2014-11-01

    Animal models in medical research has been used to study humans diseases for several decades. The use of different imaging techniques together with different animal models offers a great advantage due to the possibility to study some human pathologies without the necessity of chirurgical intervention. The employ of magnetic resonance imaging for the acquisition of anatomical and functional images is an excellent tool because its noninvasive nature. Dedicated coils to perform magnetic resonance imaging experiments are obligatory due to the improvement on the signal-to-noise ratio and reduced specific absorption ratio. A specifically designed surface coil for magnetic resonance imaging of monkey's brain is proposed based on the multi circular-slot coil. Numerical simulations of the magnetic and electric fields were also performed using the Finite Integration Method to solve Maxwell's equations for this particular coil design and, to study the behavior of various vector magnetic field configurations and specific absorption ratio. Monkey's brain images were then acquired with a research-dedicated magnetic resonance imaging system at 4T, to evaluate the anatomical images with conventional imaging sequences. This coil showed good quality images of a monkey's brain and full compatibility with standard pulse sequences implemented in research-dedicated imager.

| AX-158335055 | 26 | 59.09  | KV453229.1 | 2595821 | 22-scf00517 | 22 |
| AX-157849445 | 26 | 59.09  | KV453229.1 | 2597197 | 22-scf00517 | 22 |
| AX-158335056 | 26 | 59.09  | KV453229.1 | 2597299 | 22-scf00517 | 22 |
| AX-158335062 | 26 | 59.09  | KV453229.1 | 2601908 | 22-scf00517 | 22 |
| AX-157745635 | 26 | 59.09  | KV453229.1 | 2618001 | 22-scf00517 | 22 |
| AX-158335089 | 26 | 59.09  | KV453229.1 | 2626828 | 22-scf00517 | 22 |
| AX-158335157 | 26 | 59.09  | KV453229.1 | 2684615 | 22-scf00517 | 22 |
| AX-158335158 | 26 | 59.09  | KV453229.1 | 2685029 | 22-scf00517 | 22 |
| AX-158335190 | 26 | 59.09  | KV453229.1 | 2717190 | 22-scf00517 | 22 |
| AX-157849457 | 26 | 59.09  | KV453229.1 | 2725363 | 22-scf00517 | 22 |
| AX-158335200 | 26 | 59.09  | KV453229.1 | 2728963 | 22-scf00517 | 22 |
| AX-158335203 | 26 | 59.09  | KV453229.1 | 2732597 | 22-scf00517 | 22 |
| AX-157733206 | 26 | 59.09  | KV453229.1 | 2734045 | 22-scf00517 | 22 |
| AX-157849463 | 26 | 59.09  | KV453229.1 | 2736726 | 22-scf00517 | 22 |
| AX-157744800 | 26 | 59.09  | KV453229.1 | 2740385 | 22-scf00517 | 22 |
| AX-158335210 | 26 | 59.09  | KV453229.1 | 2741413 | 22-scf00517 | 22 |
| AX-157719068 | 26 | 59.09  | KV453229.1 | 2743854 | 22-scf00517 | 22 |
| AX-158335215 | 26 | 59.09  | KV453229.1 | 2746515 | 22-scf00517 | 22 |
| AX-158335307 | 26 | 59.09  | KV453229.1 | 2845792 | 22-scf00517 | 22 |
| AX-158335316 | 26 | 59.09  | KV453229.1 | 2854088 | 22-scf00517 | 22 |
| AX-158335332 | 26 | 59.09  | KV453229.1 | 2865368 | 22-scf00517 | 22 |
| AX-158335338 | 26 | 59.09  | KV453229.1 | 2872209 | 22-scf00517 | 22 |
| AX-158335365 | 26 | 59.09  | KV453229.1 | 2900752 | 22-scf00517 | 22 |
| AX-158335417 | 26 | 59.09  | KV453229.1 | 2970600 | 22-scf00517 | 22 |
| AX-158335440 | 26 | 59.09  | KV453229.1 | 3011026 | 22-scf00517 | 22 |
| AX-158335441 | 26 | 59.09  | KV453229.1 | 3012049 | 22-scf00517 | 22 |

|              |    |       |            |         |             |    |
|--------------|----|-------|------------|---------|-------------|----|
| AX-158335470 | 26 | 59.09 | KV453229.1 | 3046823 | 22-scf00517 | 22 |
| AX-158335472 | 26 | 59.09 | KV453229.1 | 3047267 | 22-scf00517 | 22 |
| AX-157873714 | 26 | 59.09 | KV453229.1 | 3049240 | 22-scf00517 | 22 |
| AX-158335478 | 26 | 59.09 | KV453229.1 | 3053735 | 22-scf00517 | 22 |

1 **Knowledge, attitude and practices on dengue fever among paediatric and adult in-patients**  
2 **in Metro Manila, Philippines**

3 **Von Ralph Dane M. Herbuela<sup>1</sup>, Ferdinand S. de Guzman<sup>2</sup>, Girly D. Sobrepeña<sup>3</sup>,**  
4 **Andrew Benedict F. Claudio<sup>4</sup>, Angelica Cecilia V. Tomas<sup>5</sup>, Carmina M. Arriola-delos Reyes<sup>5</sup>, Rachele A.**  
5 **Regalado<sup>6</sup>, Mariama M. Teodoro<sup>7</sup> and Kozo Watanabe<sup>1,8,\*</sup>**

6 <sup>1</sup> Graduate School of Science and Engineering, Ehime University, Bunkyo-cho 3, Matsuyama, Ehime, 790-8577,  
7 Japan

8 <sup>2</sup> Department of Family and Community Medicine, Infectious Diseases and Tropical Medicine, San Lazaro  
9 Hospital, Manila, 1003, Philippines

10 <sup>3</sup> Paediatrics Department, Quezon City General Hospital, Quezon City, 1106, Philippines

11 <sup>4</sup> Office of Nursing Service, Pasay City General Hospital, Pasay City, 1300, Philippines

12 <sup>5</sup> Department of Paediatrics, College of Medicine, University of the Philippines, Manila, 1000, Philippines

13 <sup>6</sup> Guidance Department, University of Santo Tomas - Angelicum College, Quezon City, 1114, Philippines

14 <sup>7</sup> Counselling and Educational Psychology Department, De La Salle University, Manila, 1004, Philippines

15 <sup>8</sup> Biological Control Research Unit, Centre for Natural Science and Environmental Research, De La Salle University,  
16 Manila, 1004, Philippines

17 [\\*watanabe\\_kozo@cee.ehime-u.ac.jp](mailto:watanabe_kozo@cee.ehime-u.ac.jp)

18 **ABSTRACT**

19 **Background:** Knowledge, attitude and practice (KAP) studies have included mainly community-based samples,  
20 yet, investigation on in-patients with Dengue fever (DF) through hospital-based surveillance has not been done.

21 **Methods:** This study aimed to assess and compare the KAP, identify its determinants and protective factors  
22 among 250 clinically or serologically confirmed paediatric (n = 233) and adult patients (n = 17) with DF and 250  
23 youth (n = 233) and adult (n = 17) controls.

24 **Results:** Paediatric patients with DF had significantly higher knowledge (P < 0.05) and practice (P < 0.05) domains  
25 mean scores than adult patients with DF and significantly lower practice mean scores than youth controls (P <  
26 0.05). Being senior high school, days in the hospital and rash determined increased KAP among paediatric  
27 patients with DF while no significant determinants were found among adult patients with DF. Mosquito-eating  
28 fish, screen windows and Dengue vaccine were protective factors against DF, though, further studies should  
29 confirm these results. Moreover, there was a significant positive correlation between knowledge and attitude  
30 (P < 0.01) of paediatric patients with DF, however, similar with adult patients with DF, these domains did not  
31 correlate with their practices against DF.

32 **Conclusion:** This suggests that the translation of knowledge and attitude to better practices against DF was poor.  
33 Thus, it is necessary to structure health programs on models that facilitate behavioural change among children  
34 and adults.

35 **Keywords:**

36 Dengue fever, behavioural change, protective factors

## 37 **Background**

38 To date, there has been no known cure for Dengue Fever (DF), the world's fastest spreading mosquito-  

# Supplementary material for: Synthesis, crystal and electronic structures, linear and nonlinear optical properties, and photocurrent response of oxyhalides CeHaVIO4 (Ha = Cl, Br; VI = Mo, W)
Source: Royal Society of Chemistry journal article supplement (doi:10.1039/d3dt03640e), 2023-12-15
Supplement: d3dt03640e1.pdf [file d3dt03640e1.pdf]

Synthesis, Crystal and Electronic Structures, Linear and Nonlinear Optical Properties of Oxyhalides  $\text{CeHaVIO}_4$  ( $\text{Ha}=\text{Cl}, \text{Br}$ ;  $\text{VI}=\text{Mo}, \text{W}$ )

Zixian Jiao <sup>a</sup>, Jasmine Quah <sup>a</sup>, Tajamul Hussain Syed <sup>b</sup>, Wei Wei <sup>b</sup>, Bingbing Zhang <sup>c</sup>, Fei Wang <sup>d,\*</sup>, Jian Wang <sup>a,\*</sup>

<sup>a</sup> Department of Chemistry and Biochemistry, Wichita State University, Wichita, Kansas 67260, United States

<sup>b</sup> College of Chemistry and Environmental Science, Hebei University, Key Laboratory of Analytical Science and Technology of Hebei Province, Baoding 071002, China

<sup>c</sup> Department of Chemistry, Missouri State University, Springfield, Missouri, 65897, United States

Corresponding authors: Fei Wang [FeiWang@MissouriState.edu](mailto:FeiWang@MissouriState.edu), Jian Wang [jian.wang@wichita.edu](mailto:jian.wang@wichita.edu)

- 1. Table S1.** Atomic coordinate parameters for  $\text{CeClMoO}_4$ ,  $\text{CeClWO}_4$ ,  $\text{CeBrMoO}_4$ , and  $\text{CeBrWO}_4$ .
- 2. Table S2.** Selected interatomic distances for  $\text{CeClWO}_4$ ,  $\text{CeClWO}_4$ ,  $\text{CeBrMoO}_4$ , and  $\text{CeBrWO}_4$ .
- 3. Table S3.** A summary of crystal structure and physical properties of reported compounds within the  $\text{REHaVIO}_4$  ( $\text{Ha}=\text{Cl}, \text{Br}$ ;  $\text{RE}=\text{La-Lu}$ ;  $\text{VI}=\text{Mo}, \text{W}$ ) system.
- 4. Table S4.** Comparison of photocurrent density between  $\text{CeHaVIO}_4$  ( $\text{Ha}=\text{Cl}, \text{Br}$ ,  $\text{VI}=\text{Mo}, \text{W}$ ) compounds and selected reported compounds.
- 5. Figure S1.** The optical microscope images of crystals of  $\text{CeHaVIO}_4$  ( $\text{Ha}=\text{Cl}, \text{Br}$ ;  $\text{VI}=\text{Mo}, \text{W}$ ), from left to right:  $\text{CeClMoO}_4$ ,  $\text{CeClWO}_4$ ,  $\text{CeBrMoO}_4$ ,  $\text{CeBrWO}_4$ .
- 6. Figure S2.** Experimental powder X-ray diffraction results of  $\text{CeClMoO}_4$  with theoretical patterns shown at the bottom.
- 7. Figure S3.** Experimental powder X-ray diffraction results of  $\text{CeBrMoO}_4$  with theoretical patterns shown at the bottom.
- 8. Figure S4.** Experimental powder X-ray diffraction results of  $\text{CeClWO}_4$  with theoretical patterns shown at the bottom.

1. Multifrequency inversion in magnetic resonance elastography.

    PubMed

    Papazoglou, Sebastian; Hirsch, Sebastian; Braun, Jürgen; Sack, Ingolf

    2012-04-21